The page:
"LOve Letters" by A. R. Gurney

By Brooks Appelbaum -- Special to the Shoreline Times

If you have not seen A. R. Gurney’s “Love Letters,” and the playwright’s name brings to mind such gentle, genial charmers as “The Dining Room” and “Sylvia,” the Long Wharf Theater’s production, directed by Gordon Edelstein and running through April 10, is required viewing. If you have seen “Love Letters” in another venue, this production will likely be a revelation. Along with the incomparable Mia Farrow as Melissa Gardner and the fine Brian Dennehy as Andrew Makepeace Ladd III, Edelstein has brought out every nuance of this moving and profound script.

The premise of “Love Letters” couldn’t be simpler -- on the surface, that is. Two school children, Andy and Melissa, meet at Melissa’s birthday party and begin exchanging letters, a correspondence that continues throughout their lives. Melissa comes from an enormously wealthy but painfully fractured family, and Andy hails from solid, loving comfortably off parents who have very definite ideas about success, both personal and professional. Melissa watches her mother drink to excess and struggles to find her own place as a painter and independent woman; Andy lives out his father’s edict that his obligations are to his family, his country, and himself, “in roughly that order.”

The play is set in Gurney’s familiar social and geographical world, with references, among others, to a procession of nearby boarding schools; New Haven (Yale); and Long Island (Briarcliff). But once Melissa and Andy move beyond adolescence, the tone shifts into a vividly emotional whirlwind that is intense, bittersweet, and surprising.

“Love Letters” is also a paean to the written word, and Gurney cleverly makes his own love of writing a large part of Melissa and Andy’s conflict. Melissa continually resists “these goddamn LETTERS,” and tries to persuade Andy that telephones, or, better, face-to-face visits, are far superior. Andy, though, counters with his devotion to the page. “As I told you before,” he writes to Melissa, “in some ways I feel most alive when I’m holed up in a corner, writing things down.” As he continues to defend his love of writing, one hears the echo of a playwright in the making (although Melissa is the artist here). It is to Gurney’s credit that the echo remains soft, and that we believe Andy himself needs to write in order to express the ideal person he strives so hard to be.

The physical structure of “Love Letters” continues this commitment to the “lost art” of letter writing. Gurney instructs that two actors should sit side by side at a table, reading their letters (nothing in the play is memorized, and this is to make a point), and not looking at one another.¬†Under Edelstein’s direction, these specifications are perfectly observed, but his attention to detail elevates the production beautifully.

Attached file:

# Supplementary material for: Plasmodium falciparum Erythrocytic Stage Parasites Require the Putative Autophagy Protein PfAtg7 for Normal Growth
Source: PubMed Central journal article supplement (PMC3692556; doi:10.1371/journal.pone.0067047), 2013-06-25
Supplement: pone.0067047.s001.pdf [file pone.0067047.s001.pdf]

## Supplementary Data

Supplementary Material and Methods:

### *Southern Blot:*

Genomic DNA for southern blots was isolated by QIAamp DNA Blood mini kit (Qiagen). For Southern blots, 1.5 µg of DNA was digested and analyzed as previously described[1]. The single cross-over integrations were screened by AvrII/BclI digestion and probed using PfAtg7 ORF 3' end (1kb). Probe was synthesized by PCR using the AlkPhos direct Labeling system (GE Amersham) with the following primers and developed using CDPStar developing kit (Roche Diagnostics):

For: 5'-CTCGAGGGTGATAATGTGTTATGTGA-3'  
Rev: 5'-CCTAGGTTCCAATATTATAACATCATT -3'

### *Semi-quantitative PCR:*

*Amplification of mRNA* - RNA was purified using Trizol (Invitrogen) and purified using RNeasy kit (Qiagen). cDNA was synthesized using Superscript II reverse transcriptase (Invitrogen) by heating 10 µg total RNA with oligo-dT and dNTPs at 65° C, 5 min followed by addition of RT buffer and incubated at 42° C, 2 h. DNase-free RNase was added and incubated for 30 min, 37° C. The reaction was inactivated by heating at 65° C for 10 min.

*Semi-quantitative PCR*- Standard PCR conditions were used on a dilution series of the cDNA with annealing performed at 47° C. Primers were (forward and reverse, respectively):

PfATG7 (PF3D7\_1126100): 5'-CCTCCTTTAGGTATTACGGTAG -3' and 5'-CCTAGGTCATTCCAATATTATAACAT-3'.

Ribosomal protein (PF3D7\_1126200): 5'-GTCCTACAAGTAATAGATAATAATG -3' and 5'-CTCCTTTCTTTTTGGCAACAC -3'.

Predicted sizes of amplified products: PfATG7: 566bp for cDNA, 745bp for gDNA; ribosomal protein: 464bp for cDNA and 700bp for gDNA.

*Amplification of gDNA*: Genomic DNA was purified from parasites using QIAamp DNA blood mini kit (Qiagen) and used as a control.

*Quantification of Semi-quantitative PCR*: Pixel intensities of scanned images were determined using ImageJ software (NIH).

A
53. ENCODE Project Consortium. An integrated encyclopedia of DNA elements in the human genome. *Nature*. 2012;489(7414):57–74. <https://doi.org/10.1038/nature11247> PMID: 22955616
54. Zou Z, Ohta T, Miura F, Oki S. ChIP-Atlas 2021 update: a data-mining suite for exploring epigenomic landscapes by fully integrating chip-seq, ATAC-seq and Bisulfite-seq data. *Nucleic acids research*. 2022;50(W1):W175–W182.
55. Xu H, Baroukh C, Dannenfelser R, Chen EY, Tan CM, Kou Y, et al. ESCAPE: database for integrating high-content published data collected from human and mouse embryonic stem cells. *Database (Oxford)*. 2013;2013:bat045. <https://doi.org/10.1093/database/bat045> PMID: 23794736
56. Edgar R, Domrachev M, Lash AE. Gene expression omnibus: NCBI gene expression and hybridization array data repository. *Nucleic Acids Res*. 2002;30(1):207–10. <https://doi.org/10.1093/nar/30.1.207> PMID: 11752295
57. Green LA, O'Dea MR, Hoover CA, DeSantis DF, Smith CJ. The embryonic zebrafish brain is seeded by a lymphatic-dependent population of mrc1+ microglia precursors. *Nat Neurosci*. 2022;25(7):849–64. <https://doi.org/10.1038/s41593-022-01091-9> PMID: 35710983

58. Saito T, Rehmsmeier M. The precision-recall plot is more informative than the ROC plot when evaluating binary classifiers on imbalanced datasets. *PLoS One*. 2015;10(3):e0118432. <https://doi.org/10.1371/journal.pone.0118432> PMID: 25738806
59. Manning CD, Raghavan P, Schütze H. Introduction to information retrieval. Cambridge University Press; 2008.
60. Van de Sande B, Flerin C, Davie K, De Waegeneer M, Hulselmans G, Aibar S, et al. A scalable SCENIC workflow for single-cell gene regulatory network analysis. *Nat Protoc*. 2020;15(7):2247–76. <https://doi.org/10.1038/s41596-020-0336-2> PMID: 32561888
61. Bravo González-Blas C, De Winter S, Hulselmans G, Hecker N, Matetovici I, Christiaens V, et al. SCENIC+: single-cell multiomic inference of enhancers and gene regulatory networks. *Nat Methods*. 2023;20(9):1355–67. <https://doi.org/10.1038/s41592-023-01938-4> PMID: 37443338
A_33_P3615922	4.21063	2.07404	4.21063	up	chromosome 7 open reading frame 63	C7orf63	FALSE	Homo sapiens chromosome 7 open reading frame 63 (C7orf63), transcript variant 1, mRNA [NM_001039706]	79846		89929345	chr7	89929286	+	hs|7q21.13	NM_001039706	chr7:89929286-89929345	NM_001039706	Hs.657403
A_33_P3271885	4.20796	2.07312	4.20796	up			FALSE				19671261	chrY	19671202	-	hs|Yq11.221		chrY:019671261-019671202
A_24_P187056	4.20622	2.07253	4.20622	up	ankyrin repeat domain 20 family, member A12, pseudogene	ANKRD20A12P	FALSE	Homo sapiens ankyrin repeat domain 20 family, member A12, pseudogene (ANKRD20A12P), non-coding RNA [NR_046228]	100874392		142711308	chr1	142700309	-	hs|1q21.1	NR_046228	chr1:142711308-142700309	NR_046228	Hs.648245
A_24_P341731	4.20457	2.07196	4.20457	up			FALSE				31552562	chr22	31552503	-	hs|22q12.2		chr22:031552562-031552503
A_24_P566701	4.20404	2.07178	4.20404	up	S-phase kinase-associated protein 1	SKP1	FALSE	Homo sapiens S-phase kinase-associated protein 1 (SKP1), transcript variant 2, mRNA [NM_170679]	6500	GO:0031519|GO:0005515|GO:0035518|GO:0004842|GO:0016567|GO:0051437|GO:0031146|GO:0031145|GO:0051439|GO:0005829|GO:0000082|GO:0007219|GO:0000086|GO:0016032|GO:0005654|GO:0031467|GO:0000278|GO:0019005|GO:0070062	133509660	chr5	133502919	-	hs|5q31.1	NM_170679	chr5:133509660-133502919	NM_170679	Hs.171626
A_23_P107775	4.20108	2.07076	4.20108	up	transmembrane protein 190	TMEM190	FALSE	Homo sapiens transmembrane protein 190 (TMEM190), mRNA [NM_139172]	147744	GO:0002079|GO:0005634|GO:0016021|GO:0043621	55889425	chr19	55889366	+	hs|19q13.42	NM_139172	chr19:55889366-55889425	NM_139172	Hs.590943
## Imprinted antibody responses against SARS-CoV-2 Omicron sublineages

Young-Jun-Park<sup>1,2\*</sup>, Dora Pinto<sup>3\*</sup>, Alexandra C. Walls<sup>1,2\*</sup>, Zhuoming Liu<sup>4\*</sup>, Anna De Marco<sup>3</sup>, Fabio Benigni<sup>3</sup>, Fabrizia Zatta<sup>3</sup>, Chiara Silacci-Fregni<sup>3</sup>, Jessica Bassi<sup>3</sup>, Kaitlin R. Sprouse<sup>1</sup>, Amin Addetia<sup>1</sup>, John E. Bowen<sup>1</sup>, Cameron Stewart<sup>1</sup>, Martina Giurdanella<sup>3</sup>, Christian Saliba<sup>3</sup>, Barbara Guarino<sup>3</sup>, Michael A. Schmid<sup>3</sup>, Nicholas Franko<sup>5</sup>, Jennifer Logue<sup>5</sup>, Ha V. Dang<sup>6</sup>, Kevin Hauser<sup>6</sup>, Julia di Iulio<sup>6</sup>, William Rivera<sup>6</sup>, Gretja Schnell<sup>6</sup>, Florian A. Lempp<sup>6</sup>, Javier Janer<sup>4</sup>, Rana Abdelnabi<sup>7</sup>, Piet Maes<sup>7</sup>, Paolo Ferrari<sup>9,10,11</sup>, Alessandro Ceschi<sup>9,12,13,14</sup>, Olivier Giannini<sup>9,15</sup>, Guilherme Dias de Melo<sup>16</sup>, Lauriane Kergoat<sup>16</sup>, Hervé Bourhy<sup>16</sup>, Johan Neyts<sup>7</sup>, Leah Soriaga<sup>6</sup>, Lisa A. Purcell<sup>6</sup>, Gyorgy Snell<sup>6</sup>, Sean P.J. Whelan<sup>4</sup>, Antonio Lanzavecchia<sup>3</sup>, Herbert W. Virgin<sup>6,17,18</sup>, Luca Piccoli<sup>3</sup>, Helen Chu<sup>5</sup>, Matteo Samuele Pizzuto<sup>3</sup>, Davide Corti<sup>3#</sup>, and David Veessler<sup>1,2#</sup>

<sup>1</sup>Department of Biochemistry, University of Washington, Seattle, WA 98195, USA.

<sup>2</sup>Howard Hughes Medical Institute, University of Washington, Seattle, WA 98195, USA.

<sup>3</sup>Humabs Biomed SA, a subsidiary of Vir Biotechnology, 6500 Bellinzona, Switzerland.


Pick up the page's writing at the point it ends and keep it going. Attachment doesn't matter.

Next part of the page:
The elegantly simple set (Frank J. Alberino) consists of a rich oriental rug, an old-fashioned table, and two matching chairs. All else is darkness, other than a string of tiny, star-like lights set halfway up the black back wall. These lights, designed by Elisabeth Vella, subtly suggest both the grand world in which Melissa and Andy grew up and the boundaries of their lives.

Naturally, though, the real stars -- in every sense of the term -- are Ms. Farrow and Mr. Dennehy. Despite these actors’ magnitude, they instantly and for the whole evening disappear into Melissa Gardner and Andy Ladd III.¬†Both must age from childhood to late middle age using only their seated bodies, their hands, their facial expressions, and their voices, and their performances are astonishing.

Mr. Dennehy, as the solid Andy, keeps still for the most part, thus making the occasional move that much more telling. Ms. Farrow, in the more colorful role, curls her feet under the table to express childhood or distress; flutters her delicate hands; rakes her long blond hair; and makes remarkable use of her simple open cardigan (designed by Mary Readinger), to tell Andy -- and us -- exactly what she is feeling.

This version of “Love Letters” is not to be missed. No matter how familiar you are with Gurney or this play, this production will strike you as fresh, heartfelt, and deeply moving.

“Love Letters” runs through April 10. For tickets or more information call 203-787-4282 or go to www.longwharf.org.

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